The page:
It all starts perfectly, because every wine in the place is available by the glass or carafe, as well as by the bottle. You want to try a wine, but not sure what it is, and not positive you’ll like it? No problem, they’ll pop it open and pour you a glass. Right away you’re in a good mood, and it continues with entrees like two poached eggs in a light cèpe cream sauce with shaved black truffles on top. That’ll get your attention. The rest is equally inventive and well prepared, and the ambience is just right. I can imagine it gets crazy at night being so near the Bourse, which would be fun too, but on weekends it hits the spot if you’re looking for a quiet, light bite and natural wines. Bordeaux need not apply, we’re talking the Savoie, Jura, Loire and Rhone Valley. I even had a wine I used to sell in my wine shop. It was great to enjoy an old friend.
Ah, so many places, so little time. But here are a few more that are definitely worth trying. Some of them I’ve been to, others were recommended by vignerons, waiters and owners of other natural wine bars in Paris. Given the sources, I figure they’re a solid bet.
Aux Deux Amis
Le Verre Vole (10e)
Le Nansouty (18e)
O Divin (19e)
La Nouvelle Mairie (5e)
Aux Deux Amis (10e)
La Cave de L’Insolite
Les Fines Gueules
Le Verre Vole
by Andy Besch
on Feb 19, 2014
While in Saumur for this year’s Dive Bouteille, I found myself dining at Bistrot Les Tontons, a cozy, good-vibe place with plenty of local natural wines. Gerald Beaumont, Tonton’s owner, kindly introduced us to fellow diner Mathieu Coste, vigneron of Domaine Bio Coste in the Coteaux du Giennois, north of Sancerre.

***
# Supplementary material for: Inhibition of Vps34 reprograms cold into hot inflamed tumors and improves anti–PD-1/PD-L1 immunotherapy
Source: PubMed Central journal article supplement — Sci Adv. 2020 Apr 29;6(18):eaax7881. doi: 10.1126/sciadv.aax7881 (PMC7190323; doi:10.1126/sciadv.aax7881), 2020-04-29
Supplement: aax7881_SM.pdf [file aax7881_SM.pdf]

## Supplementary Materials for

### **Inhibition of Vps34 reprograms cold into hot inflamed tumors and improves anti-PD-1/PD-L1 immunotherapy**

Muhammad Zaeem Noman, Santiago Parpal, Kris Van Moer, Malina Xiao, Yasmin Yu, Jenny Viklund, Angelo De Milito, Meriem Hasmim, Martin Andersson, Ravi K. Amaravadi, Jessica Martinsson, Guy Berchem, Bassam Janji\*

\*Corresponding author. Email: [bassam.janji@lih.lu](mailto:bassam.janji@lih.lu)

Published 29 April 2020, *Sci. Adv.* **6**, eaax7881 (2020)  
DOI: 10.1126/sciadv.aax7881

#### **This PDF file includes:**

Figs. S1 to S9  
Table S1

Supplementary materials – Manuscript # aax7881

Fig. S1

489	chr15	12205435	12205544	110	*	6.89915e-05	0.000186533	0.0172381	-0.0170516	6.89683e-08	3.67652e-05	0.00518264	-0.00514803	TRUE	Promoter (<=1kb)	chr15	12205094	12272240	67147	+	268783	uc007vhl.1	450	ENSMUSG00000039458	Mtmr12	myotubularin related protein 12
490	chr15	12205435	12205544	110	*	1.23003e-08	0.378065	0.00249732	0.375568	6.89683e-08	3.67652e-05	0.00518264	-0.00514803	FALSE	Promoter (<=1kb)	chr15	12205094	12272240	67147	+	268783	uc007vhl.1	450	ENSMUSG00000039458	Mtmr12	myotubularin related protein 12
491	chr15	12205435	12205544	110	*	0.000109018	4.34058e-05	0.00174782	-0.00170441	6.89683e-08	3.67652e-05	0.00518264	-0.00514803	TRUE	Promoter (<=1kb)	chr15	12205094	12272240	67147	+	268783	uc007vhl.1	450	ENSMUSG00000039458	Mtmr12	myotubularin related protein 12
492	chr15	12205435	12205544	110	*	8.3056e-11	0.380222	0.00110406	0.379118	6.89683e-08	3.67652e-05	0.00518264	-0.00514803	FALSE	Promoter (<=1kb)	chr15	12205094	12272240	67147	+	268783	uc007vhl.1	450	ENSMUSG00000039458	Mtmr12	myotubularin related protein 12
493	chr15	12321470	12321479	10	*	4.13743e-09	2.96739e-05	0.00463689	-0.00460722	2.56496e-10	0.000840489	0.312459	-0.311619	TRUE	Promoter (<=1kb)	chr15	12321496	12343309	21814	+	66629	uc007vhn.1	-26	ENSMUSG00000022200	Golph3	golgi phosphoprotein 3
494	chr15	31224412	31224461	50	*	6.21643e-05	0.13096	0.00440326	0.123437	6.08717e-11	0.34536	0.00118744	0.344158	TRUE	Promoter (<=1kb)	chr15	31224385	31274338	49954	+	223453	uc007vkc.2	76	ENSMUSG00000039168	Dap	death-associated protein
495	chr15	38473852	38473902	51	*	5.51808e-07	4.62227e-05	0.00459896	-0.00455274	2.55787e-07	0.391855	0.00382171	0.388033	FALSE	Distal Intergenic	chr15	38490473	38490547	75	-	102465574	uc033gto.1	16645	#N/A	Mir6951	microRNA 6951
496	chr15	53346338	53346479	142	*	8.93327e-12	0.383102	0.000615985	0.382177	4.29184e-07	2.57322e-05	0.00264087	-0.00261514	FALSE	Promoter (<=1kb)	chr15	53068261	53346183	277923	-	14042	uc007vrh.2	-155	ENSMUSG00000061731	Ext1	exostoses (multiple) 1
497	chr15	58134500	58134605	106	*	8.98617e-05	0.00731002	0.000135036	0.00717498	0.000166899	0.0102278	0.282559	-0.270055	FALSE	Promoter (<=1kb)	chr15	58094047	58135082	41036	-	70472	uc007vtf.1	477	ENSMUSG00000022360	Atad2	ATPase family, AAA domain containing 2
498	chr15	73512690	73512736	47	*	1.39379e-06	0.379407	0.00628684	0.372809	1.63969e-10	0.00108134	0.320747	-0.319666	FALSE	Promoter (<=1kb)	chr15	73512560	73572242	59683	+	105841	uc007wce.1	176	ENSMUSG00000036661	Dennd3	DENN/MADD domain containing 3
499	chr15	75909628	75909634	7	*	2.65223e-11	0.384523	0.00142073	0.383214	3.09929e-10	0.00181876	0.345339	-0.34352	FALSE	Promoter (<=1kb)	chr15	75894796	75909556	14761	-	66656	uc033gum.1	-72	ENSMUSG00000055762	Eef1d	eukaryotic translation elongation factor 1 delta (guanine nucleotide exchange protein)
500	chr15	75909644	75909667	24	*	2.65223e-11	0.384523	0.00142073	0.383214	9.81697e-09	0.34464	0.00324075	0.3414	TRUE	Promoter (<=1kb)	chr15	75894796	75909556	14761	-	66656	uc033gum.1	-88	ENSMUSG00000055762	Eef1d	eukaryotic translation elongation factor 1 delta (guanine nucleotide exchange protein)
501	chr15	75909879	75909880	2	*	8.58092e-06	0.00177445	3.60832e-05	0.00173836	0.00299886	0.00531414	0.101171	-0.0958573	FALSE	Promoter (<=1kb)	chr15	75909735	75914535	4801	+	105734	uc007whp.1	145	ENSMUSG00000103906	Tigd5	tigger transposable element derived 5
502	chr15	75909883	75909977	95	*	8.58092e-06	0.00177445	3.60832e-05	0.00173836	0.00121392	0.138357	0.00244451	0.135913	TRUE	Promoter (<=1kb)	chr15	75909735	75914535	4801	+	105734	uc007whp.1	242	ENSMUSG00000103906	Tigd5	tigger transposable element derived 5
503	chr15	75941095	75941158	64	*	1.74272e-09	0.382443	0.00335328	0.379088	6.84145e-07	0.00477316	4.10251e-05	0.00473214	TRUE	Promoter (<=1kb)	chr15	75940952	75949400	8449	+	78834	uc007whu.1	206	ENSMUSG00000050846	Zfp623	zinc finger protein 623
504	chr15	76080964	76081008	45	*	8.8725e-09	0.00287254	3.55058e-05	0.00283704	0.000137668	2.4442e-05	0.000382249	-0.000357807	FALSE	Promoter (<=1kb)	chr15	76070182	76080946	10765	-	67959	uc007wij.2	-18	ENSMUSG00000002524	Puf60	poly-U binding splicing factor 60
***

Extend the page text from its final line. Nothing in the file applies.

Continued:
We hit it off immediately, and with Mathieu desperately wanting to practice his English, and I my French, we managed to have a long conversation about his natural winemaking practices. Then, much to my delight, he presented four of his wines for tasting, one of them being the Biau ’06. Biau, he explained, is the local vernacular for “beautiful” (as well as a play on “bio”) and it’s accurately named. The cepage is 80% Gamay to 20% Pinot Noir. The minerality, which he calls his acidity, is stunning. The aroma is mushrooms and moist earth, and then comes the spice and brilliant fruit on the palate.
While it’s ready to be enjoyed now, he thinks it can go another ten years. The 2006 is his current vintage, a testament to his patience in the winery. The cost is a slight splurge, probably around $25, but well worth the experience.
And speaking of experiences, while in the Loire we also managed to swing by La Levee de la Loire, a small, superb, all-natural, all-Loire Valley wine tasting held in Angers. I’ve never tasted a more uniformly amazing assemblage of wines, many available here, and others looking for a home here in U.S. If you haven’t already, get yourself to your favorite natural wine shop and check out their Loire selections. They’re hard to beat for their diversity, their elegance, their compatibility with every cuisine, or even just as a great vin de soif.